The Ponzi Scheme Blog’s JANUARY POLL asked how fines should be calculated for financial institutions engaged in wrongful conduct in Ponzi schemes. While much has been written recently about banks being “too big to jail,” they are clearly not too big to fine. But how do government agencies calculate the dollar amount of the fines they impose when a bank fails to comply with existing regulations?
Bank fines and Ponzi schemes are in the news a lot these days. And some of the dollar amounts are extraordinary. In connection with the Bernard Madoff Ponzi scheme, JP Morgan reached agreements with various governmental agencies and others to pay $2.6 billion in fines and settlements to resolve criminal and civil allegations that it failed to stop Madoff’s Ponzi scheme and that it failed to comply with the Bank Secrecy Act. In a deferred prosecution agreement, JPMorgan agreed that it ignored red flags in the Madoff banking arrangement for about 15 years. JPMorgan will pay $1.7 billion to settle the government’s charges, $350 million to the Office of the Comptroller of the Currency, $325 million to the Madoff trustee, and $218 million to settle class action claims.
So how did the Department of Justice arrive at the figure of $1.7 billion and the OCC arrive at the figure of $350 million? What are the variables that the government considers in assessing fines and what objectives does the government hope to accomplish?
To deter the wrongdoing institution?
To deter financial institutions generally?
To reimburse victims?
In the case of JPMorgan, is $2 billion – a number that seems exorbitant to the non-behemoth bank – sufficient to provide a specific deterrent to JPMorgan? Is that number a general deterrent to the players in the financial industry? While that number would put many banks out of business, did it even make a dent in JPMorgan’s bottom line?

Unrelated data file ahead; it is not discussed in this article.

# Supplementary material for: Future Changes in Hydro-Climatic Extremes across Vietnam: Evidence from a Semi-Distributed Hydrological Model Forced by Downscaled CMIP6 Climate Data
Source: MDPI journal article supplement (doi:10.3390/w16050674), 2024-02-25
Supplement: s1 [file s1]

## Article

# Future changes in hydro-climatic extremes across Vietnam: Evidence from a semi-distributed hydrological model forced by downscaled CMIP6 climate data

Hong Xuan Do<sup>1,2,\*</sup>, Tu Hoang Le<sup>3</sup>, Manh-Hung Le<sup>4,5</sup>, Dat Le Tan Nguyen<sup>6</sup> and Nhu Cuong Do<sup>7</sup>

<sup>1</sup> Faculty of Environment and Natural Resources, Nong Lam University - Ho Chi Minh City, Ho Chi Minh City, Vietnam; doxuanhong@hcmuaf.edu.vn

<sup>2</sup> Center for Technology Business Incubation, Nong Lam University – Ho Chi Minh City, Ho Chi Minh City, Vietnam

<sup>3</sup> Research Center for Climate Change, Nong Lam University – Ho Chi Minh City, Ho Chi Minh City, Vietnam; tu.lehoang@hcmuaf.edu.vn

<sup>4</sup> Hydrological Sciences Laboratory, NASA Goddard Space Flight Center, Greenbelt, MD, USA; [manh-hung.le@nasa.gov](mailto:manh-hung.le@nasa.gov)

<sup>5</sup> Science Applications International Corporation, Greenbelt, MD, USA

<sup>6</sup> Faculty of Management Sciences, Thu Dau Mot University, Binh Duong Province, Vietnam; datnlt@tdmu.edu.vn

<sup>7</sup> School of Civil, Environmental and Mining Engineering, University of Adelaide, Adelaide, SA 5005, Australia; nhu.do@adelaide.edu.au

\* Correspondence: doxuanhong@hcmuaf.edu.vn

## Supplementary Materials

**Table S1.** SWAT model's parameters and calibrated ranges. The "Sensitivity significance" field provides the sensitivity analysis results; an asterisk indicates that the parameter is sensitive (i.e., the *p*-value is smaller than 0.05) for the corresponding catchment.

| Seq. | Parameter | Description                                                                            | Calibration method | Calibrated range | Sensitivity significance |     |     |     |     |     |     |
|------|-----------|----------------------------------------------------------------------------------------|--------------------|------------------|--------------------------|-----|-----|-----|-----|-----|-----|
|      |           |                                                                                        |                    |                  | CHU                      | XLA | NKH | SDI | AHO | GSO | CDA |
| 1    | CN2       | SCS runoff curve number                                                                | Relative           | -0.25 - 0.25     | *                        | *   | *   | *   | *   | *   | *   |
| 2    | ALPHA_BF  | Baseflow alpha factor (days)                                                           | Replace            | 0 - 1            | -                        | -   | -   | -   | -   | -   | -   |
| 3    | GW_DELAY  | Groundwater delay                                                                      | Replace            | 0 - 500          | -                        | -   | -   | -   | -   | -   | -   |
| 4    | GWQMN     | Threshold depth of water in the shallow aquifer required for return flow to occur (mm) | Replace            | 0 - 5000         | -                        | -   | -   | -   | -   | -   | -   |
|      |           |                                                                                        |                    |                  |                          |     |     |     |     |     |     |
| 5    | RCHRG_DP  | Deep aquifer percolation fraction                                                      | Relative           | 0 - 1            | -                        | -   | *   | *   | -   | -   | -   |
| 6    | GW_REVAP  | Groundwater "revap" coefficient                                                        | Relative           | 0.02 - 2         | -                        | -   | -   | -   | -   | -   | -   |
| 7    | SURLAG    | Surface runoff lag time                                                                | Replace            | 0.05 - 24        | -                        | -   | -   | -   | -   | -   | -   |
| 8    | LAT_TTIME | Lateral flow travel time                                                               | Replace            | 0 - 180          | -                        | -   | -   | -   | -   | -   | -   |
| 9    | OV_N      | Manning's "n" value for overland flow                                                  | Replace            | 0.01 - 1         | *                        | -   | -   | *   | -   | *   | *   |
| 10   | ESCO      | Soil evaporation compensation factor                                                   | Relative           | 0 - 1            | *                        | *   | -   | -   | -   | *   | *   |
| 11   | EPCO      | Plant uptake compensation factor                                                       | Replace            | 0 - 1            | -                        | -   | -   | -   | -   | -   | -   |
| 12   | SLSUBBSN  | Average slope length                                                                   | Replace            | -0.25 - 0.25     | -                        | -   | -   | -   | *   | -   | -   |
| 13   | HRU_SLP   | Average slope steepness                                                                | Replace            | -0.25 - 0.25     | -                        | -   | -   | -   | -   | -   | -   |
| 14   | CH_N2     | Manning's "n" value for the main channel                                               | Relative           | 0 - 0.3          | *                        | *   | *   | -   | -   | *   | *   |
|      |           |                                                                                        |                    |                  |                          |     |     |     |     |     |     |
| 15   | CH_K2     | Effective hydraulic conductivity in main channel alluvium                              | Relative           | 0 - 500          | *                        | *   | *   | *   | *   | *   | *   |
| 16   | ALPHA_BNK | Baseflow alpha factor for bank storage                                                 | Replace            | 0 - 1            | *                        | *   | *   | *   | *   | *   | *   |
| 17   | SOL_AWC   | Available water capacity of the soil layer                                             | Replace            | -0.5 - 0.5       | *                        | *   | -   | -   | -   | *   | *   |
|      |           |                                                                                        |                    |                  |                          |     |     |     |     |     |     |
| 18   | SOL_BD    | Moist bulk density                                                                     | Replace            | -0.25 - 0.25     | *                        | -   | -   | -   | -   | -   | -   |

The Ponzi Scheme Blog’s JANUARY POLL asked readers to vote on how to calculate fines in circumstances like these. The choices and responses in terms of percentages were
The percentage of the bank's profits from the scheme?
A percentage of the bank’s annual net profits?
An amount sufficient to pay all victim losses?
For the “Other” category, here are some of the comments received:
The poll results reflect opinions ranging from a hurt-the-bank-financially viewpoint to a compensate-the-victims viewpoint. A look at the facts in the case of JPMorgan’s failures in the Madoff scheme reveal that neither one of those objectives was met. To assist in trying to quantify the impact of the fines in the JPMorgan case, some benchmark numbers are as follows:
These facts reveal that the $2 billion in fines are not at all related to: JPMorgan’s profits; the amount of money that it handled for Madoff; the amount of losses of the victims, or any other relevant data point. Looking at these figures, one is left with the distinct feeling that the $2 billion fine may be of no consequence to JPMorgan at all. Here is what the $2 billion fines failed to do:
If banks are “too big to jail,” why at least can’t we hold them financially responsible in a meaningful and impactful way for their wrongful conduct?
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Kathy Bazoian Phelps is the co-author of The Ponzi Book: A Legal Resource for Unraveling Ponzi Schemes (LexisNexis 2012), along with Hon. Steven Rhodes. The Ponzi Book, recently reviewed by the ABI Journal and Commercial Crime International, is available for purchase at www.lexisnexis.com/ponzibook, and more information about the book can be found at www.theponzibook.com.
Kathy is also the author of is Ponzi-Proof Your Investments: An Investor’s Guide to Avoiding Ponzi Schemes and Other Fraudulent Scams. For more information, or to purchase the book, click here.
Watch Kathy’s interview on The Not So Legal Show.For more information about LexisNexis products and solutions connect with us through our corporate site.
For more information about LexisNexis products and solutions connect with us through our corporate site.